You may expect that, given the title, these musings will be full of subtle enterprising mentions of Bones, Spock, Kirk and co boldly going where no man has been before, but actually, that is pretty much the extent of my “trekkie” knowledge. However, by courtesy of a wonderful offer by Westbury Communications and Inter Beaujolais, I was beamed (by British Airways actually, not Scottie) into a virgin visit to the scenic hills of Beaujolais, a few kilometres north of Lyon.

Beaujolais Winter Sunrise

If you happen to ask a random passer-by (remember, children don’t speak to strangers) to name three French wine regions, they would probably come up with Champagne and Bordeaux and, quite possibly, Beaujolais as their third one. Therefore, the area is certainly famous as a wine-producing region but, for the majority, their perception of a wine from Beaujolais will be one that is light and fruity, uncomplicated and easy-drinking and predominantly red. Certainly, the region does have those wines in abundance, but a lot more besides. My personal pre-visit thoughts were that I would be looking forward to tasting the occasional (rare) light white, perhaps some mid-weight and richer offerings from the Cru’s of Morgon and Moulin à Vent, but, in the main, fruit-forward reds that would serve well lightly chilled.

Meirion Williams wine tasting in Beaujolais

Beaujolais certainly has some youthful, red-berry, fruit-forward wines but the unexpected surprise for me during my visit was the variation and quality of the whites as well as the depth and elegance of the some of the Cru reds. During the three-day visit, we were welcomed by no less than nine producers at their domaines, and were given an in-depth analysis of their vinification techniques, soil structure and specific terroirs followed by comprehensive tastings that covered the whole range of wines that Beaujolais has to offer. Indeed, my tasting notes had several mentions of “aromas similar to Côte Rôtie” and “very Burgundian” in style - not surprising really, as we learnt that the Gamay grape is originally a cross of its parent grapes Pinot Noir and the white Gouais Blanc (now extinct I think), therefore quite natural to have those kinds of flavours.

Beaujolais Wine Cellars

Every wine region I have visited in France has winemakers who are passionate about their metier, and Beaujolais is no different. But I was soon aware of something very different: an intense collective expectancy and eagerness for the future, and a very real feeling of the re-awakening and re-branding of this historic region. The winemakers were all young but showed the experience and knowledge that many have gained from visiting other winemaking countries or consulting the more experienced winemakers of their region with regards to the area’s traditional viticulture. With reference to the latter, they have digested all this information and assimilated it to best suit the “new style” of Beaujolais that they produce on the Cru sites. Most still use semi-carbonic maceration, with whole bunches, along with varying degrees of de-stemming, and often a longer, cooler fermentation. Yields in Beaujolais are set by the AOC at 52 hectoliters per hectare but several domaine’s were generally harvesting at much lower than that, with even one old vine cuvee coming in at 10 hl/ha! Many have come to the conclusion that organic or bio-dynamic methods are the way forward, not only for wine quality but for the well-being of the soil, along with the minimal use of sulphates.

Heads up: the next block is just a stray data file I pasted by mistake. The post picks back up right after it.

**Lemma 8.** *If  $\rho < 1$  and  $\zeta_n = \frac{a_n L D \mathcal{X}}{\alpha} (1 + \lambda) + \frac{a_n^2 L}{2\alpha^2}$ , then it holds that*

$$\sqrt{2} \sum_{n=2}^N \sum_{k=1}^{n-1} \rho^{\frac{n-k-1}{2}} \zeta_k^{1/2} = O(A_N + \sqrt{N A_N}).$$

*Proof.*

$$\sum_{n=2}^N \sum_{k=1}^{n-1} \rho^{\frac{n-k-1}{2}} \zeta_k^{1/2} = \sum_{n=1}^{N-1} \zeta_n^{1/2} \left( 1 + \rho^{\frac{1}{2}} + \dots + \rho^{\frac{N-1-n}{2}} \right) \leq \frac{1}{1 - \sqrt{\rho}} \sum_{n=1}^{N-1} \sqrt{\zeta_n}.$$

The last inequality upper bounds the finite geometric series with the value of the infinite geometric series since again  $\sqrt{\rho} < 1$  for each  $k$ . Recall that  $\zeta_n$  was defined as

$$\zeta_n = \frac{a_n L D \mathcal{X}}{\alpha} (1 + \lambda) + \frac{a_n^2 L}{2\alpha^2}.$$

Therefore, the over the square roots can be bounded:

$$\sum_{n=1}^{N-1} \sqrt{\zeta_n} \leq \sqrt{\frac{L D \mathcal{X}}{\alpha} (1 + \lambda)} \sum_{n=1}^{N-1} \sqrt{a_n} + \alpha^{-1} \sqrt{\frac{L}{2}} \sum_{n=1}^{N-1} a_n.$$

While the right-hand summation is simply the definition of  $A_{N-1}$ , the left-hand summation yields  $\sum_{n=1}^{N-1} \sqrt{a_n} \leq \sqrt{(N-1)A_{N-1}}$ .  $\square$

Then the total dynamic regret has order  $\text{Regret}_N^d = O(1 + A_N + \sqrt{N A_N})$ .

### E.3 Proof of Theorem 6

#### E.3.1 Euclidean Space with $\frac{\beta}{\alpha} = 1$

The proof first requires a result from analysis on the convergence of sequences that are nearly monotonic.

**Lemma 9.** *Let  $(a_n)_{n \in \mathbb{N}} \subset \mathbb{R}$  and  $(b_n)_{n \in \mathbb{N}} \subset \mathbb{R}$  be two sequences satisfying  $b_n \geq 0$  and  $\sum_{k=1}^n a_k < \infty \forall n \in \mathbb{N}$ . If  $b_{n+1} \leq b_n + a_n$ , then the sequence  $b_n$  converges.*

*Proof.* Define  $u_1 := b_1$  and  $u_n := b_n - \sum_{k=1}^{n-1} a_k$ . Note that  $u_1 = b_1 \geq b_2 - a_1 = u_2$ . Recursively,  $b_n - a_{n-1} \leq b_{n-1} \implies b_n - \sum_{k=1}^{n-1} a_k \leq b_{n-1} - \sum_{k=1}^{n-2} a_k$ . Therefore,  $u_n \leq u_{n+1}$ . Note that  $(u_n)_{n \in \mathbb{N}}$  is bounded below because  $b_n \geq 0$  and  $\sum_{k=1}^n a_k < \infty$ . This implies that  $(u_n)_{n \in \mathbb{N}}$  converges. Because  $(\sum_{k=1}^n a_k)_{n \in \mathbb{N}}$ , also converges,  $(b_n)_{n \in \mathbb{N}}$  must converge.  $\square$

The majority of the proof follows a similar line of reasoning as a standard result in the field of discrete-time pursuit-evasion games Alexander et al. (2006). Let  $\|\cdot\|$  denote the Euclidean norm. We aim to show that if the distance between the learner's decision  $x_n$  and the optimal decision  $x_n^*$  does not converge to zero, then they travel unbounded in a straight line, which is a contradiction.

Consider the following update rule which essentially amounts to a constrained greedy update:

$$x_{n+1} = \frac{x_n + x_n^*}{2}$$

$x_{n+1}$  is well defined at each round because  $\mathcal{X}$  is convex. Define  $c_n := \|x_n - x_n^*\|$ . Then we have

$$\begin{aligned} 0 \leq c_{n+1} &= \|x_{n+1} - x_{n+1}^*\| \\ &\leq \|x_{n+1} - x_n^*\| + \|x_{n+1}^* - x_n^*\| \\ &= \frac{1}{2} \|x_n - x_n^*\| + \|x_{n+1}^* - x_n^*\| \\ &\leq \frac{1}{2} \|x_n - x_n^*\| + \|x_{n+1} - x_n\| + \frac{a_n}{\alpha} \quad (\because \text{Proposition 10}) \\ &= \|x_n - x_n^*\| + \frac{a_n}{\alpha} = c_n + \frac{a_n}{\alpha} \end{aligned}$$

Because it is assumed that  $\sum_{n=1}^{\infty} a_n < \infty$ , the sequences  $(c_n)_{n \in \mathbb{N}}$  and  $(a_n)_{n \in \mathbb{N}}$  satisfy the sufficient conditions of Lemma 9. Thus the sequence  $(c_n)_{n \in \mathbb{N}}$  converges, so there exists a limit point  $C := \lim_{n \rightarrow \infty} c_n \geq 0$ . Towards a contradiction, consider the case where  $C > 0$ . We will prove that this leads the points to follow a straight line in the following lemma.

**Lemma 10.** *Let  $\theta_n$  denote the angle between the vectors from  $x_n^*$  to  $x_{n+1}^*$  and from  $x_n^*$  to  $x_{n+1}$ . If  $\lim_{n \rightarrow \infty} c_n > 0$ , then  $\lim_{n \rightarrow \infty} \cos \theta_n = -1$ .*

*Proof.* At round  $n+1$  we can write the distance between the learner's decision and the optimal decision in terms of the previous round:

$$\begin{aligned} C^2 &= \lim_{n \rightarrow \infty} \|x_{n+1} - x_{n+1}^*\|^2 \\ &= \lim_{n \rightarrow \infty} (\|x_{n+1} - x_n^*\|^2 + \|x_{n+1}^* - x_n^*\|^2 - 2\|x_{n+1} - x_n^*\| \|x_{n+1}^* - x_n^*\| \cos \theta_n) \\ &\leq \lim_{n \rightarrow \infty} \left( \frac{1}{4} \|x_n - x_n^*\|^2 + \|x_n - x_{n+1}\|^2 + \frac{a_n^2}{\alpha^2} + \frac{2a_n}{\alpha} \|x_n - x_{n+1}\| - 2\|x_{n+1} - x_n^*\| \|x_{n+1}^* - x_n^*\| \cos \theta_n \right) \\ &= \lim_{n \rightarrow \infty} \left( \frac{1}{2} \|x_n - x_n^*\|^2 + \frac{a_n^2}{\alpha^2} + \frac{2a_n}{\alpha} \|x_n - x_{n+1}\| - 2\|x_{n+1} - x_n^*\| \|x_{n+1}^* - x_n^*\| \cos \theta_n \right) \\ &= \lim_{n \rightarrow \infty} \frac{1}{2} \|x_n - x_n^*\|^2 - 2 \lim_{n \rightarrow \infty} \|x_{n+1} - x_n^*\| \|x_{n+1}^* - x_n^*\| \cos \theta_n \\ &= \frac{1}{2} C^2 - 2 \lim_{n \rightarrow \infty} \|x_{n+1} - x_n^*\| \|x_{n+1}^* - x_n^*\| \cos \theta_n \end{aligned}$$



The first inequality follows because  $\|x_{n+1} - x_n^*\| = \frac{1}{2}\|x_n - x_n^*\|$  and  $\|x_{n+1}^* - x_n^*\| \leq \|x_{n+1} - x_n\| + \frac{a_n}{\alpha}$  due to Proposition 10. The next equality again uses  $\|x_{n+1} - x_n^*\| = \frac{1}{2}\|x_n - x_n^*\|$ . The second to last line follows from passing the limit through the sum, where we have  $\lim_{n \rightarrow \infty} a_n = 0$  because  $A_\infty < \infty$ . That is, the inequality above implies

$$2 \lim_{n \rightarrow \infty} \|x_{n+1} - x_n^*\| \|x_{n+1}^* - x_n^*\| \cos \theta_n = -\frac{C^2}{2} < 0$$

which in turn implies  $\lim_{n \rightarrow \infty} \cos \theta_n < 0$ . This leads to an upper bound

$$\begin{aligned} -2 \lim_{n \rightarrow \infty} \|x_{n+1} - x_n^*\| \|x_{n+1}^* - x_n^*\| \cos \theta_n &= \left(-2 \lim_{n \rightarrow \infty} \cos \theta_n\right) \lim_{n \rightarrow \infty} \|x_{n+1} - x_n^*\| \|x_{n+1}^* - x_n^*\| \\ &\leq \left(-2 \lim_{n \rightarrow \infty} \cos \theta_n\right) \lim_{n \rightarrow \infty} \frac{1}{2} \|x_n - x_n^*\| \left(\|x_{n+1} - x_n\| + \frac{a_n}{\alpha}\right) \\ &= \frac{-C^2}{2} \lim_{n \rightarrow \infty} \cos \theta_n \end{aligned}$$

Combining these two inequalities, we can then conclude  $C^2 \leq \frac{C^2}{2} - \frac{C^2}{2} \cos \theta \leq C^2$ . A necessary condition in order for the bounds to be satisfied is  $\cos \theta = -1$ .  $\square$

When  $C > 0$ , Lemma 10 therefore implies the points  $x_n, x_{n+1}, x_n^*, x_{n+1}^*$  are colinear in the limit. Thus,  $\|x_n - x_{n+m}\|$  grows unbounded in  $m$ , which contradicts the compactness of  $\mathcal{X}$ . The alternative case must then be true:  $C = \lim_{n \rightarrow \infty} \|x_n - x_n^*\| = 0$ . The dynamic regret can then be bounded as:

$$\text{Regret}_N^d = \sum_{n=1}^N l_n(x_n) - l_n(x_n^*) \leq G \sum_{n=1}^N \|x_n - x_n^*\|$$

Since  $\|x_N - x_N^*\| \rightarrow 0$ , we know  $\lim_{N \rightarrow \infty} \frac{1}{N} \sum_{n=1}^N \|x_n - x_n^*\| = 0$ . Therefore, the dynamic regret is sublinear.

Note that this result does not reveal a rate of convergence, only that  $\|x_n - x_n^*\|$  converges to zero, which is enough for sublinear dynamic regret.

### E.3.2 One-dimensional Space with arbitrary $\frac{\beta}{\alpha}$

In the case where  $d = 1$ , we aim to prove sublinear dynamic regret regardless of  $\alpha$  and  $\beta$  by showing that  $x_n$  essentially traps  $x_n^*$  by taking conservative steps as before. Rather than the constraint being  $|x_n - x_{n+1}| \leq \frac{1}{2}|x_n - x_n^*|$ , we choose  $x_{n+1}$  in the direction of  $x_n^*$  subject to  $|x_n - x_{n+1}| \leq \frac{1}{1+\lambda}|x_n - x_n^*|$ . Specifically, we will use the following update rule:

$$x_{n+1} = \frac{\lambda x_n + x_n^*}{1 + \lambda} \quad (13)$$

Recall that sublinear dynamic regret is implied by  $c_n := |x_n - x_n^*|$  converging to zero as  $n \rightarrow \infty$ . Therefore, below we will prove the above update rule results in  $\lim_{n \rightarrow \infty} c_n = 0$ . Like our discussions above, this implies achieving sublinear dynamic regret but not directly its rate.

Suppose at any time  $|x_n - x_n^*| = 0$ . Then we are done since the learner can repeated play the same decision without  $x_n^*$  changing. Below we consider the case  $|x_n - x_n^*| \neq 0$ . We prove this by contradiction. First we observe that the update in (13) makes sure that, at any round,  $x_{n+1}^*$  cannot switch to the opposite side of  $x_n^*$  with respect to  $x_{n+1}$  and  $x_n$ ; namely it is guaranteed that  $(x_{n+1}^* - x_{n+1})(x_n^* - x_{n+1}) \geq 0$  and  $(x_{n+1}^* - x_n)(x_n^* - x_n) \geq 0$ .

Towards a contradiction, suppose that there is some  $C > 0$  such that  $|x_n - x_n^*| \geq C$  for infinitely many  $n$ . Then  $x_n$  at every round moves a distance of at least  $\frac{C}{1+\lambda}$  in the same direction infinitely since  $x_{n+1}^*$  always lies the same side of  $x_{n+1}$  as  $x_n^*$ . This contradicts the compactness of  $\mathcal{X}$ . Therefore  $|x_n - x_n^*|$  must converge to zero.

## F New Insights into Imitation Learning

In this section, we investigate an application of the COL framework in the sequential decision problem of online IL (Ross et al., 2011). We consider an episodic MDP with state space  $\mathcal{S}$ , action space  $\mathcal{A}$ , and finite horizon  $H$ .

Beaujolais Wine Tasting

One of the main questions I get asked in our retail establishment in Mere is do we have any wines that are fruity, flavoursome and drinkable, but with an alcohol level that enables them to have another glass without the risk of falling asleep after the first one, and missing most of the party! Well, Cru Beaujolais generally fits the bill, and, even though some low-yield, old-vine cuvées might hit the 14% mark, most are around 12.5%, but still having the attributes mentioned above in abundance.

We published our 2012 List on March 1st and I’m pleased to say that it now includes a Beaujolais Blanc, a Beaujolais Village and a Cru Beaujolais Morgon. I’m looking forward to promoting the wines and enlightening our customers to the delights of a New Beaujolais as opposed to Beaujolais Nouveau. But please, don’t take my word for it....
“Today only very unsophisticated wine markets (and some French cities) seem at all interested in Beaujolais Nouveau and the producers of the Beaujolais region have had to re-design their objectives and policies. Today, after a period of being the pariahs of the wine world, they are once again worthy objects of interest for serious wine lovers. This is all due to the magic combination of the Gamay grape and the particular characteristics of the best villages in the region, including the famous ‘crus’ Beaujolais.”

Beaujolais in Winter

(Images courtesy of Laura Heywood, an abbreviated version of this blog first appeared in Harpers magazine).